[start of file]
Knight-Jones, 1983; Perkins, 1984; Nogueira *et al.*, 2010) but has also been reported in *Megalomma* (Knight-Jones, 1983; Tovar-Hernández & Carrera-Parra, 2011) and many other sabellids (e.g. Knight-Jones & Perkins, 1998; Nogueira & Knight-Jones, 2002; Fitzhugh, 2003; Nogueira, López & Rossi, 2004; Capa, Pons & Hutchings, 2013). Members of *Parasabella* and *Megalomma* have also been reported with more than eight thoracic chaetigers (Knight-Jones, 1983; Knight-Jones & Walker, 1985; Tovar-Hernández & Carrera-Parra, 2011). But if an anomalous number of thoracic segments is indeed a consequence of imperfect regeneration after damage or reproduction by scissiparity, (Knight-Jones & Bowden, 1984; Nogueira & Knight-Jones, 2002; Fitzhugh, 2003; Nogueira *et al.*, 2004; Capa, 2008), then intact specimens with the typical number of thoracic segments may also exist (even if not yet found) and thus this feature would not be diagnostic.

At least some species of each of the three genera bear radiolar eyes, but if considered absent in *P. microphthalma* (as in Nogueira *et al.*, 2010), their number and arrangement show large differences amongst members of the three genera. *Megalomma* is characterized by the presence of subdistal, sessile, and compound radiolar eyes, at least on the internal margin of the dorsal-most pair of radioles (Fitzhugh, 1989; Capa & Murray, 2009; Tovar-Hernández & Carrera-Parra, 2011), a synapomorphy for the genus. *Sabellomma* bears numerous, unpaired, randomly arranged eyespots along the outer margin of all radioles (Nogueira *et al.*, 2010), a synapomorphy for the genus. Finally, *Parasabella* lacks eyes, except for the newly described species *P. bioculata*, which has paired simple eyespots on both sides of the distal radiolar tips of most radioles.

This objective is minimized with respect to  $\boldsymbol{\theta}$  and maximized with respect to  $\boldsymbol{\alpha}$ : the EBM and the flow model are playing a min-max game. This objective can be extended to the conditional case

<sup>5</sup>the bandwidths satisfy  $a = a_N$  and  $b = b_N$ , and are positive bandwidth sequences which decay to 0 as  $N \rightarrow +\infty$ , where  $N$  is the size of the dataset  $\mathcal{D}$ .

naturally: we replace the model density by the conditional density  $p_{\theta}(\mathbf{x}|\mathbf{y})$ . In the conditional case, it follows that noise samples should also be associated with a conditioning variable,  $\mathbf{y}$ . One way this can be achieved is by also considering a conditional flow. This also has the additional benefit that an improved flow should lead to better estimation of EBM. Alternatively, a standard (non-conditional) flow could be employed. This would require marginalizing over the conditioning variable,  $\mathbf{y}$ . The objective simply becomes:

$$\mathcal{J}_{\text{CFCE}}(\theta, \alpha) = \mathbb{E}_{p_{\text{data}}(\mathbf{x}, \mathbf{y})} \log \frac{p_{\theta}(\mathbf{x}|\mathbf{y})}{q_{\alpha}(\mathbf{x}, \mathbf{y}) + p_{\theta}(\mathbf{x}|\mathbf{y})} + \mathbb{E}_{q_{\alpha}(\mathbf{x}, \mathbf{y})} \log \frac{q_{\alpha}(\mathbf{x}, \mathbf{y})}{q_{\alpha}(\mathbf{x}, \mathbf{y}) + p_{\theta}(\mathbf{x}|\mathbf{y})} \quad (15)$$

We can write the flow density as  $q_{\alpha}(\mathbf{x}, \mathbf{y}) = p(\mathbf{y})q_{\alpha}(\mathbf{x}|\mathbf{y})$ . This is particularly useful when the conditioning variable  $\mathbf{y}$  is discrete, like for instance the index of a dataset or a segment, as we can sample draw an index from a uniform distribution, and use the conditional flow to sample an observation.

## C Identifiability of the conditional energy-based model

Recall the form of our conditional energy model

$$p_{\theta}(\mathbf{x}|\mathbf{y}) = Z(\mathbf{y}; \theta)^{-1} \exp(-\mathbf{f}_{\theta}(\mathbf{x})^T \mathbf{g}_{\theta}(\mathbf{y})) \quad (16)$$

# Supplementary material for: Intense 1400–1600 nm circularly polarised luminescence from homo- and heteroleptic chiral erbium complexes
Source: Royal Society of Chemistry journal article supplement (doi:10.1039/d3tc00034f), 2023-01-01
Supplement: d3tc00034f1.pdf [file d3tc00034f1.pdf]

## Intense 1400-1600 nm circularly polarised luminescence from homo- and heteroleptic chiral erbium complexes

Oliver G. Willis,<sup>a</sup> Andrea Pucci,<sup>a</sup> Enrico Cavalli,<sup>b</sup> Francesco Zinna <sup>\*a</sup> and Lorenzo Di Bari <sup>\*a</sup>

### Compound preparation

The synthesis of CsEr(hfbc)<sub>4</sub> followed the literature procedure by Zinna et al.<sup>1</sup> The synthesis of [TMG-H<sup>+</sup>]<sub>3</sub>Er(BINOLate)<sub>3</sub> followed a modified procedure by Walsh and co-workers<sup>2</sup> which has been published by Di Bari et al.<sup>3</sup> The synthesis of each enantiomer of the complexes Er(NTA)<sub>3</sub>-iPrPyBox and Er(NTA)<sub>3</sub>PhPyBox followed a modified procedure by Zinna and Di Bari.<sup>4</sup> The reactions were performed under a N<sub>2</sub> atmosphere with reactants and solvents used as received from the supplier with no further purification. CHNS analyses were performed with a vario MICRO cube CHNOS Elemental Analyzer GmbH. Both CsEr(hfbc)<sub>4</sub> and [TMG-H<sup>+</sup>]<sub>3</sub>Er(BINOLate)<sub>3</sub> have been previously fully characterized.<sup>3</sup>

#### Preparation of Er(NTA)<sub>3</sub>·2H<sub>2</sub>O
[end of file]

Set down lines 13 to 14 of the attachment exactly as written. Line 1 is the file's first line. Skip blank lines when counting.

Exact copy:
Supplement: d3tc00034f1.pdf [file d3tc00034f1.pdf]

## Intense 1400-1600 nm circularly polarised luminescence from homo- and heteroleptic chiral erbium complexes